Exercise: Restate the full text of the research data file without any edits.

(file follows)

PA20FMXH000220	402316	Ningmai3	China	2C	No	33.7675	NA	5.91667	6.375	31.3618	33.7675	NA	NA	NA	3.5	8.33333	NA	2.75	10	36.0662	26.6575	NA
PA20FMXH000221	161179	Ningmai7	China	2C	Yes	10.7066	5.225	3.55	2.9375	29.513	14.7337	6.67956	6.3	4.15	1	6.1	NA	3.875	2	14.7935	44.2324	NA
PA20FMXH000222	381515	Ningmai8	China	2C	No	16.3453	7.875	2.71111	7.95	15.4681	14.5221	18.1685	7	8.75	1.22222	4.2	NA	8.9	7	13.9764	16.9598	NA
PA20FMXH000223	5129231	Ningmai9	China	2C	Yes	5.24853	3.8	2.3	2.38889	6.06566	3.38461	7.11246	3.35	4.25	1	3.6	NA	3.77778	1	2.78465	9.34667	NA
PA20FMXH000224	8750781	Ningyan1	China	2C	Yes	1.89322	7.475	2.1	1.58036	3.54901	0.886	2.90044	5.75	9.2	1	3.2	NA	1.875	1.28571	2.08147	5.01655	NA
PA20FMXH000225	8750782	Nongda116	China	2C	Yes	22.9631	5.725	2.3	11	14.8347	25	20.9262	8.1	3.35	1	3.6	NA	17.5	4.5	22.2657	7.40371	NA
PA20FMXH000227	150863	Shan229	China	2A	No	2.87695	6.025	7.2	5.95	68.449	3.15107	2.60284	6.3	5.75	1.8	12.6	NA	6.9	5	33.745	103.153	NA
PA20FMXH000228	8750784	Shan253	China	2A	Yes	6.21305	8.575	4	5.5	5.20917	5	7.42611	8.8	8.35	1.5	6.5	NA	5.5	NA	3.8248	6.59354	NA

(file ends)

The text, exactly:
PA20FMXH000220	402316	Ningmai3	China	2C	No	33.7675	NA	5.91667	6.375	31.3618	33.7675	NA	NA	NA	3.5	8.33333	NA	2.75	10	36.0662	26.6575	NA
PA20FMXH000221	161179	Ningmai7	China	2C	Yes	10.7066	5.225	3.55	2.9375	29.513	14.7337	6.67956	6.3	4.15	1	6.1	NA	3.875	2	14.7935	44.2324	NA
PA20FMXH000222	381515	Ningmai8	China	2C	No	16.3453	7.875	2.71111	7.95	15.4681	14.5221	18.1685	7	8.75	1.22222	4.2	NA	8.9	7	13.9764	16.9598	NA
PA20FMXH000223	5129231	Ningmai9	China	2C	Yes	5.24853	3.8	2.3	2.38889	6.06566	3.38461	7.11246	3.35	4.25	1	3.6	NA	3.77778	1	2.78465	9.34667	NA
PA20FMXH000224	8750781	Ningyan1	China	2C	Yes	1.89322	7.475	2.1	1.58036	3.54901	0.886	2.90044	5.75	9.2	1	3.2	NA	1.875	1.28571	2.08147	5.01655	NA
PA20FMXH000225	8750782	Nongda116	China	2C	Yes	22.9631	5.725	2.3	11	14.8347	25	20.9262	8.1	3.35	1	3.6	NA	17.5	4.5	22.2657	7.40371	NA
PA20FMXH000227	150863	Shan229	China	2A	No	2.87695	6.025	7.2	5.95	68.449	3.15107	2.60284	6.3	5.75	1.8	12.6	NA	6.9	5	33.745	103.153	NA
PA20FMXH000228	8750784	Shan253	China	2A	Yes	6.21305	8.575	4	5.5	5.20917	5	7.42611	8.8	8.35	1.5	6.5	NA	5.5	NA	3.8248	6.59354	NA